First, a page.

North West in Manchester offers therapies to adults, children and families (telephone 0161 236 5744).

North East provides counselling, support and training to work with survivors of torture (telephone 0191 261 5825).

West Midlands provides therapy, advice and support to practitioners, and training for therapeutic and mental health services working with survivors (telephone 0121 314 6825).

Scotland provides assessment, counselling, psychotherapy and training for practitioners working with survivors (telephone 0141 420 3161).

She says nurses in all settings need to be aware of the close relationship between physical and psychological pain and distress. ‘Often physical symptoms that have no obvious physical explanation are dismissed as psychosomatic,’ she says.

Ms Kralj says there may be no physiological signs of abuse. ‘Torture is not designed to merely break a body – it is designed to crush a spirit, a psyche,’ she says. ‘The enduring consequences of torture will leave a mark on body and psyche, even if there are no enduring physiological conditions that can be directly attributed to the experiences of abuse.’

There is no national strategy for treating asylum seekers and refugees. There are specialist services in some urban areas, but none in others.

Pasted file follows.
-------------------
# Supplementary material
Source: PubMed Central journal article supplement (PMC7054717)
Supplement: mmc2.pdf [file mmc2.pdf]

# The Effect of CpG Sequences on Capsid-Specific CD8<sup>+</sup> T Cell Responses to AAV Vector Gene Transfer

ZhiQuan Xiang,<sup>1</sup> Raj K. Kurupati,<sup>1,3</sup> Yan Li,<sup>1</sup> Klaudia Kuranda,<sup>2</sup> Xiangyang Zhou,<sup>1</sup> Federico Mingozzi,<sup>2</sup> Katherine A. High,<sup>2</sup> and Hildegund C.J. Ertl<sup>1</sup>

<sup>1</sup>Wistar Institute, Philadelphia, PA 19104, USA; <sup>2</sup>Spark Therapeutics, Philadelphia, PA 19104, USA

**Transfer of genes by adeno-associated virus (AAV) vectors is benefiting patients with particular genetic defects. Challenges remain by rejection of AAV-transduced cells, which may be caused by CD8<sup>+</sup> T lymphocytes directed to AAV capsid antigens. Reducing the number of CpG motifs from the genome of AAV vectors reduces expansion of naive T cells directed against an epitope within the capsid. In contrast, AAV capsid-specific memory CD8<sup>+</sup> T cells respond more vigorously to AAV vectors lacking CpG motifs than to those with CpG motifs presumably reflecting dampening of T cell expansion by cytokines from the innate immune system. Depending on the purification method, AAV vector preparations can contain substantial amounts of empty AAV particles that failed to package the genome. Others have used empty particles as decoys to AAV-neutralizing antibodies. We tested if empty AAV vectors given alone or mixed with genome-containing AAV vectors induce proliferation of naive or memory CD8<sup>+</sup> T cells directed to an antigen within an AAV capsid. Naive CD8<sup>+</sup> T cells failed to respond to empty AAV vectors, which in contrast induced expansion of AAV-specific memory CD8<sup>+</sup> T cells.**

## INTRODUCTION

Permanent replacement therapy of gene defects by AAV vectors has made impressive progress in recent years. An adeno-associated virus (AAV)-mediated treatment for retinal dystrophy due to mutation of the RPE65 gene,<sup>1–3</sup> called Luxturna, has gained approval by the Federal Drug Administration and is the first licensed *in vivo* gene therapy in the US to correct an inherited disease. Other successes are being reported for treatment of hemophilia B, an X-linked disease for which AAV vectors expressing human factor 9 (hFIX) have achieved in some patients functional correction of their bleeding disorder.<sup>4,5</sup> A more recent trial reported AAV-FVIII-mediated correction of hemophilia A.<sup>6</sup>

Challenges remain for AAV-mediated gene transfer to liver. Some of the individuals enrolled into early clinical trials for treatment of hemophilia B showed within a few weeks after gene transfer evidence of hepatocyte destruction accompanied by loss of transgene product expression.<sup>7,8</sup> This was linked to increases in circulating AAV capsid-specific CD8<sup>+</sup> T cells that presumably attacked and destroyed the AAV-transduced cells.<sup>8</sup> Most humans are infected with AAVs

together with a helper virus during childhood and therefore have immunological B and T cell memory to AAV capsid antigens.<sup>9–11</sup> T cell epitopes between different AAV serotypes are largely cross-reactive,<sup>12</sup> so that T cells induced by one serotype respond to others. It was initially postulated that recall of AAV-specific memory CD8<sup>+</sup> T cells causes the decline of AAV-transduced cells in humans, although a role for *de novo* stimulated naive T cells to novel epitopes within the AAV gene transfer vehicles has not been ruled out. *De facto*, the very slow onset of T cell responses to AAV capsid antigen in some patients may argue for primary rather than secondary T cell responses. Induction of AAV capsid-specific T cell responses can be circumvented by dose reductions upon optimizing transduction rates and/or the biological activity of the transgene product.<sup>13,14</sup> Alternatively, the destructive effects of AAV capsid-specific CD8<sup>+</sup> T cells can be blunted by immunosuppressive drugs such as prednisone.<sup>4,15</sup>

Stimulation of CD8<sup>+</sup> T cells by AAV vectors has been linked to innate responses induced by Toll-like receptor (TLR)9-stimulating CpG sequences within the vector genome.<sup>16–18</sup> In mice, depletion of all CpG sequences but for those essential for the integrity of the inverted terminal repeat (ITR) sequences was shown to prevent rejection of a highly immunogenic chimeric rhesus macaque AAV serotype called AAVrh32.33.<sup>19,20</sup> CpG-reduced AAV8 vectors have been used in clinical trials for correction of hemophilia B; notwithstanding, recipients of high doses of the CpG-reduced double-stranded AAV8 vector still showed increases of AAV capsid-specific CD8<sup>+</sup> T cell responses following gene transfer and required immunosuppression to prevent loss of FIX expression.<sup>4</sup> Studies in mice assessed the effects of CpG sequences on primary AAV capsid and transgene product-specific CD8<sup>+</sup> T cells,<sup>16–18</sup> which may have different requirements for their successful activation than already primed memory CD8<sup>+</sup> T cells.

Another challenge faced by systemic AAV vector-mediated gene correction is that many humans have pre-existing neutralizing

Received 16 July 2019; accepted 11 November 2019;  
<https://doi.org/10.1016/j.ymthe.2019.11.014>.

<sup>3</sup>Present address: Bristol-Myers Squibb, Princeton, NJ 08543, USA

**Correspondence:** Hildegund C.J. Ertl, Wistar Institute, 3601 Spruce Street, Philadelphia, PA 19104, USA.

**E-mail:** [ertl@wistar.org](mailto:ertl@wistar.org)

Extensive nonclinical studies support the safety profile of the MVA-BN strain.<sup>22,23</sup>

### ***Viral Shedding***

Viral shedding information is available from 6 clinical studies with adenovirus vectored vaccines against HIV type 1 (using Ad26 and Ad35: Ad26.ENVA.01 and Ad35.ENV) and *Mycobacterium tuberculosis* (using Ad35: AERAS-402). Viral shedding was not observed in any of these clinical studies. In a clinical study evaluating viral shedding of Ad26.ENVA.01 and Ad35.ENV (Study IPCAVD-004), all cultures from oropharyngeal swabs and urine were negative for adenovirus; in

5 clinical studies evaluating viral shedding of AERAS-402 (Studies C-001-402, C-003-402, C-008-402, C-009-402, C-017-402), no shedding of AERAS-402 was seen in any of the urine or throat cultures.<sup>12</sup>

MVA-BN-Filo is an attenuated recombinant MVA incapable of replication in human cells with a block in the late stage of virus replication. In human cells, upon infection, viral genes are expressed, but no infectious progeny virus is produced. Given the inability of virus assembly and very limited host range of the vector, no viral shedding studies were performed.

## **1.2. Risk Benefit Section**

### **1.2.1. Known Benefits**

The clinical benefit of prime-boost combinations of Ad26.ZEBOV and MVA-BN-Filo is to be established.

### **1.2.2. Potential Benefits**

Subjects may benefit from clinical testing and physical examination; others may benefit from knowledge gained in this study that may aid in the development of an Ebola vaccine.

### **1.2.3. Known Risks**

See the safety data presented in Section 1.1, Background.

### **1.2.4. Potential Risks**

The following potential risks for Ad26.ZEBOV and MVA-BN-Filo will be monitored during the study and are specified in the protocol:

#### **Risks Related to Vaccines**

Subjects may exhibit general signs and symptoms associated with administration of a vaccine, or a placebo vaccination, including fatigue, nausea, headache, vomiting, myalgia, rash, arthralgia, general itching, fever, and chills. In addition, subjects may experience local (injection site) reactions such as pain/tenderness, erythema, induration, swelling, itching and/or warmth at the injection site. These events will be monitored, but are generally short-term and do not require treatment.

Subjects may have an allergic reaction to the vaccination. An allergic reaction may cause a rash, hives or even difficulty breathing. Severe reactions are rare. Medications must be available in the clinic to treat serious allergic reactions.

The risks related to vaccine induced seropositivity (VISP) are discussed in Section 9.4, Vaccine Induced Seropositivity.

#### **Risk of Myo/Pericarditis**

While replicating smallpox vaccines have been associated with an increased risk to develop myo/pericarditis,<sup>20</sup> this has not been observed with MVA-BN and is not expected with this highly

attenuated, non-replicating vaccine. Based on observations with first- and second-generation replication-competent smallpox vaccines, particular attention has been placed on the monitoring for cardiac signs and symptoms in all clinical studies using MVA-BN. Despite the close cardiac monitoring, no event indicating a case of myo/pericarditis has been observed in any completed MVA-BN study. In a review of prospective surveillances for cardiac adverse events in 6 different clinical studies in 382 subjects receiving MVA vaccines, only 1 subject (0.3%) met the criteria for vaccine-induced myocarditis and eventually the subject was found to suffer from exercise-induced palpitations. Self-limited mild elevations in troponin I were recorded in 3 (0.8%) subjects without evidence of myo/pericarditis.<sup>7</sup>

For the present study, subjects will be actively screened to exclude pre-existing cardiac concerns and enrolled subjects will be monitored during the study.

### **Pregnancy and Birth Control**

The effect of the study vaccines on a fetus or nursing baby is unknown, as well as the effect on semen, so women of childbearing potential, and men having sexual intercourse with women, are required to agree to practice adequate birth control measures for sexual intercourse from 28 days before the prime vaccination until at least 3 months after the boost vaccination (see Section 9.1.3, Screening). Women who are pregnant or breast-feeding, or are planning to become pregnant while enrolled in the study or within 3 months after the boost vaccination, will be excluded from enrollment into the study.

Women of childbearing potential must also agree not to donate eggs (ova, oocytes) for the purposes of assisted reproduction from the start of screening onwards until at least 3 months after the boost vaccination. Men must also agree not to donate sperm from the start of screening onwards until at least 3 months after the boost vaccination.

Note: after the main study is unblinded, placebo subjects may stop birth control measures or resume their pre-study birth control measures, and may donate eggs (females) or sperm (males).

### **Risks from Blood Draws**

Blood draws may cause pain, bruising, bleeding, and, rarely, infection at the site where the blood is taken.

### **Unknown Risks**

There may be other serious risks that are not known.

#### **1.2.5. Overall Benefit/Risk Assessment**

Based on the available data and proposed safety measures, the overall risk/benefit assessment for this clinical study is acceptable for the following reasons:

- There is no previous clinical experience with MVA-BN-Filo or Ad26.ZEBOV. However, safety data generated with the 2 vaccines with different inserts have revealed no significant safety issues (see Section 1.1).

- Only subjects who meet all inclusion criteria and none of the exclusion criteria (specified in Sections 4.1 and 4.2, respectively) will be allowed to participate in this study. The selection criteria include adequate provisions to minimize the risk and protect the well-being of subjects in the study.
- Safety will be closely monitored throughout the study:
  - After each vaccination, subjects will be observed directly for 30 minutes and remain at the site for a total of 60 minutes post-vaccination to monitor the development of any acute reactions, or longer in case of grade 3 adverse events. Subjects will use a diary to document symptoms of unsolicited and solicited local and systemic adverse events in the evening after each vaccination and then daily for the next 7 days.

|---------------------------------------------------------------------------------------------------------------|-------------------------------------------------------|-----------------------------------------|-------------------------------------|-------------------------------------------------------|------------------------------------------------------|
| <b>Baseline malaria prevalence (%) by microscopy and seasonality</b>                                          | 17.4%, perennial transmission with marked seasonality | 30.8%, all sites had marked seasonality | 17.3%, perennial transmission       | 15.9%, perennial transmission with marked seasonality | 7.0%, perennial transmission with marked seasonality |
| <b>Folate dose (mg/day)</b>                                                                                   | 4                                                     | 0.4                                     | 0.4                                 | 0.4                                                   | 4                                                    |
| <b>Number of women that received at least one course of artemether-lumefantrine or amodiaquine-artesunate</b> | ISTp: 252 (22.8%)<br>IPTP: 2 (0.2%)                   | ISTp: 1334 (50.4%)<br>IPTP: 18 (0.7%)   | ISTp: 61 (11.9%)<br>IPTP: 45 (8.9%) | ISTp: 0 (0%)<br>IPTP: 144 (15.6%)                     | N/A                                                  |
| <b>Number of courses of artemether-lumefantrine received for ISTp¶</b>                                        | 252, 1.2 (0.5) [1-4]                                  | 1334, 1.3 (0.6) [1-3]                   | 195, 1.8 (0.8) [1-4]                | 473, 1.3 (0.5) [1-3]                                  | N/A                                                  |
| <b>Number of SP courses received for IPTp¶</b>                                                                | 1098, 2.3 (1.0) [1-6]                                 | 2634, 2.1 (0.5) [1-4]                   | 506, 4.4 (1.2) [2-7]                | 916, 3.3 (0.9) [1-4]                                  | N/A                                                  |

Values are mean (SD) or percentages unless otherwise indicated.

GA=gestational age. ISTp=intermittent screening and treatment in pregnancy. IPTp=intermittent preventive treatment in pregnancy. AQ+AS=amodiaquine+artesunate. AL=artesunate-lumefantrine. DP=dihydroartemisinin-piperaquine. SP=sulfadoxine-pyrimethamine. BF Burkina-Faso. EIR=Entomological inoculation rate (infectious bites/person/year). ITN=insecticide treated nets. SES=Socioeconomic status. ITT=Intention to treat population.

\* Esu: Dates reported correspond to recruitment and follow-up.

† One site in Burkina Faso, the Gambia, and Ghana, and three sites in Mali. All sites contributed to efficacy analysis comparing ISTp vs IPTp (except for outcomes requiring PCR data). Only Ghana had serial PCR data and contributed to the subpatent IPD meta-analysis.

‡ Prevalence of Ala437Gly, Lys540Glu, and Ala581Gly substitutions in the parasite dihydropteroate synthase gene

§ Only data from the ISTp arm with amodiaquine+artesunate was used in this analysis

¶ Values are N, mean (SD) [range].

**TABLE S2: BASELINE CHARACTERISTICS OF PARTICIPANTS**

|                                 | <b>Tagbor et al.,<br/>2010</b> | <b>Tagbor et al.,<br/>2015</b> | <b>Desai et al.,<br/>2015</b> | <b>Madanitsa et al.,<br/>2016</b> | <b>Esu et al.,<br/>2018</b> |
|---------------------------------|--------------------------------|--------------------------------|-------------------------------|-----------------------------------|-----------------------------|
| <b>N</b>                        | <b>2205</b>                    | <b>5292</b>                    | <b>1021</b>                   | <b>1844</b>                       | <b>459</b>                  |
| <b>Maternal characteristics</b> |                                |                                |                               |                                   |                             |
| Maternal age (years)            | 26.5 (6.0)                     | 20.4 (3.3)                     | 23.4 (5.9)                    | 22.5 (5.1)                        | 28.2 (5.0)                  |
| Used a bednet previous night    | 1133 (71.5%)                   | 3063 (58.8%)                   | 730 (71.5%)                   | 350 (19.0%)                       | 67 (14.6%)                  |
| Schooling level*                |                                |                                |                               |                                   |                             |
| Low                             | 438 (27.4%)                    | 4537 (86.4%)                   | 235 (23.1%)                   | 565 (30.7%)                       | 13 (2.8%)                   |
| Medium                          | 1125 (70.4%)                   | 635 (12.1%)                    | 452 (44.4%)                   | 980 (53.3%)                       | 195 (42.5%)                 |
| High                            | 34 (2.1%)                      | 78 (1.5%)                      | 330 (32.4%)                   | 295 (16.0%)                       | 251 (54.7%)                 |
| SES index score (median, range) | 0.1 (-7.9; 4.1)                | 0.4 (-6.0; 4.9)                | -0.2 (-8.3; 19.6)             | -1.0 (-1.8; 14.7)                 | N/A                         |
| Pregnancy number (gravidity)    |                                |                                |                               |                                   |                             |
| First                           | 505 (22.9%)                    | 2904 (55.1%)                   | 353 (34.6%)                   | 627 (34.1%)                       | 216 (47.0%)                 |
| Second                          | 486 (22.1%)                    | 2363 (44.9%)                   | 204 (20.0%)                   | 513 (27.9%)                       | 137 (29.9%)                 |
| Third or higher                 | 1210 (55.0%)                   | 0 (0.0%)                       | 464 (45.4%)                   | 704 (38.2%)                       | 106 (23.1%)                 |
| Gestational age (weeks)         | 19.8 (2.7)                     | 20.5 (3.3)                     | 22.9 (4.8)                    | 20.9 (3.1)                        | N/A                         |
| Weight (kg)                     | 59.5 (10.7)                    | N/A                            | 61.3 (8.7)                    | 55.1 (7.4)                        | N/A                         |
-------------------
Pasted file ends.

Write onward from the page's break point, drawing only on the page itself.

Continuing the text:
Freedom from Torture receives referrals from GPs, mental health teams and hospitals. But for every five referrals they receive, three meet their criteria and they are only able to take on one. The Helen Bamber Foundation is also fully stretched and is not currently taking on any new clients, so refugees will be presenting in GP surgeries and emergency services.

Professor Katona believes that nurses are often in the best position to detect mental health problems. ‘There needs to be greater vigilance for evidence of mental health problems among refugees and asylum seekers – and nurses in emergency departments may be in a better position than GPs or other doctors to pick those up,’ he says.

Ms Kralj warns that an unskilled attempt to extract a factual history from refugees can do more harm than good. ‘It is important not to pathologise but rather to meet the human being as they present – with humanity. It is also important to bear in mind that these patients may not be able to give a detailed history of symptoms as the trauma affects their capacity to interact with others. Nurses need to keep an open mind and remember the uniqueness of every person’s response to life events’.